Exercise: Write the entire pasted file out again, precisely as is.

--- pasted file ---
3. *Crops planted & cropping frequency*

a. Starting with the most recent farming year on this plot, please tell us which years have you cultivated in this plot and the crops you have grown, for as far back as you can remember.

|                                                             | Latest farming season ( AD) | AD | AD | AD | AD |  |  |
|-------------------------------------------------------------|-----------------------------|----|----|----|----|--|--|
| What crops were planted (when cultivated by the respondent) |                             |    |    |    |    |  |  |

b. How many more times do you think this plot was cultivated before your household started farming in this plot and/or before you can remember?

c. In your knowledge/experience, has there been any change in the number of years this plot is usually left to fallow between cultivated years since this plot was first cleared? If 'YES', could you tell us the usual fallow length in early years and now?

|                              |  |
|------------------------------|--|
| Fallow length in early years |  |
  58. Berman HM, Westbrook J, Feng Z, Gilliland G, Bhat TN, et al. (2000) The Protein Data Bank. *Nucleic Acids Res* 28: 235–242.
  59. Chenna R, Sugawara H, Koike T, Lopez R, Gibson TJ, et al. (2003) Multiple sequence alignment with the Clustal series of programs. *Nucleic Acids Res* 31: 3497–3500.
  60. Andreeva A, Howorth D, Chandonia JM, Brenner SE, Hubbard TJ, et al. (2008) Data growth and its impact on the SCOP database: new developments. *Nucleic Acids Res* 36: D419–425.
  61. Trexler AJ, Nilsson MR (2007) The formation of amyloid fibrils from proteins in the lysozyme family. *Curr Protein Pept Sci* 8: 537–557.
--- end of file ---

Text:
3. *Crops planted & cropping frequency*

a. Starting with the most recent farming year on this plot, please tell us which years have you cultivated in this plot and the crops you have grown, for as far back as you can remember.

|                                                             | Latest farming season ( AD) | AD | AD | AD | AD |  |  |
|-------------------------------------------------------------|-----------------------------|----|----|----|----|--|--|
| What crops were planted (when cultivated by the respondent) |                             |    |    |    |    |  |  |

b. How many more times do you think this plot was cultivated before your household started farming in this plot and/or before you can remember?

c. In your knowledge/experience, has there been any change in the number of years this plot is usually left to fallow between cultivated years since this plot was first cleared? If 'YES', could you tell us the usual fallow length in early years and now?

|                              |  |
|------------------------------|--|
| Fallow length in early years |  |
  58. Berman HM, Westbrook J, Feng Z, Gilliland G, Bhat TN, et al. (2000) The Protein Data Bank. *Nucleic Acids Res* 28: 235–242.
  59. Chenna R, Sugawara H, Koike T, Lopez R, Gibson TJ, et al. (2003) Multiple sequence alignment with the Clustal series of programs. *Nucleic Acids Res* 31: 3497–3500.
  60. Andreeva A, Howorth D, Chandonia JM, Brenner SE, Hubbard TJ, et al. (2008) Data growth and its impact on the SCOP database: new developments. *Nucleic Acids Res* 36: D419–425.
  61. Trexler AJ, Nilsson MR (2007) The formation of amyloid fibrils from proteins in the lysozyme family. *Curr Protein Pept Sci* 8: 537–557.